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Concert review: Arthur Brown breathes theatrical, genre-hopping ‘Fire’

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Arthur Brown of The Crazy World of Arthur Brown performs at Vinyl at the Hard Rock Casino, Thursday, Feb. 16, 2017.
Photo: Yasmina Chavez

Three and a half stars

The Crazy World of Arthur Brown February 16, Vinyl.

I turned 50 on February 16. It wasn’t bad at all; you’ll find that out for yourself, if you’re lucky. But the age does have a bit of a stigma attached to it—“you’re the big 5-0, Carter, ha-ha!”—and I can think of no better way to have defeated that stigmatization than to have spent my birthday in the presence of an energetic, flamboyant, 74-year-old musician whose best-known music is just about my age. Arthur Brown, I bless your immortal soul.

The Crazy World of Arthur Brown at Vinyl

Brown is best known for his 1968 single “Fire” (the one that begins with him growling, “I am the God of Hellfire, and I bring you…”). This was The Crazy World of Arthur Brown's second visit to Vegas, and to the Hard Rock Hotel, in less than in a year; his band played the Psycho Las Vegas fest last August, and generated the kind of buzz septuagenarians don’t usually create. The consensus opinion was, “You have to see this guy,” but no one provided me with specific details. On my birthday, I witnessed those details firsthand: Brown has a masterful control of his voice, he performs in a psychedelic facepaint that looks like one of those Magic Eye drawings and he’s just the teeniest bit insane.

Careening through a set that included old songs and new, Brown was every inch the showman, changing costumes as often as he could (his wardrobe included wizard’s robes, which he wore for a blistering cover of Screamin’ Jay Hawkins' “I Put a Spell on You,” and a long coat made of electroluminescent wire); bumping and grinding with pinup model Masuimi Max, whom he could easily have grandfathered; and performing songs in virtually all the genres, from hard rock to Latin to psychedelia to blues.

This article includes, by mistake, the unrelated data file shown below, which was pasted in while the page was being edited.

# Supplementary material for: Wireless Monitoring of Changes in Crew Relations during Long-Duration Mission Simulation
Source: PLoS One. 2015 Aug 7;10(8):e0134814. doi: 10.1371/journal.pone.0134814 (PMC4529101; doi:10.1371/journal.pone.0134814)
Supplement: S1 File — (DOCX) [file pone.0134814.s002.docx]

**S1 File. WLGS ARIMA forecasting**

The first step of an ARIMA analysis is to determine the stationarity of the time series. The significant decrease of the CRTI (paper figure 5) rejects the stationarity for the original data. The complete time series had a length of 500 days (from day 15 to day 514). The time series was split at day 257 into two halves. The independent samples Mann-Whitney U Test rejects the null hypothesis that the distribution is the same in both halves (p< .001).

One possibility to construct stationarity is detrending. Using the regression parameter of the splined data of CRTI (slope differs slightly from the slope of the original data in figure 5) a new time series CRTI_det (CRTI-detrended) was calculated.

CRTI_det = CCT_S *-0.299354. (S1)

It’s that last bit that’s most significant, because Brown could have given me a fun set with my eyes closed. His operatic voice can do just about anything: he can go low, he can go falsetto, he can growl, he can bellow. Most times, he occupied the same soulful range as Tom Jones, though he took frequent detours into David Bowie and Tom Waits. That would be something amazing for a 50-year-old. For a gentleman Brown's age, it was little short of miraculous.

The set was consistently watchable and listenable, but had two clear highlights. One was “Fire Poem/Fire,” which is what we all came to hear (Brown even acknowledged as much late in the set, though he joked that he might perform some Kinks, Eminem and Adele covers instead, which honestly wouldn’t have been bad). The other was “Devil’s Grip,” which he performed as a man possessed, stalking back and forth onstage and convulsing as if he really were in the clutch of an occult hand.

And upon the conclusion of “Grip,” Brown gave me a birthday present: He noted that the driving rock number, his first solo single, was 50 years old. Arthur Brown wiggled his way into the devil’s embrace “two years before Black Sabbath,” he proudly noted. Considering the way “Devil’s Grip” sent the room into a frenzy, I should be so lucky as to make as much fire of my own this year.

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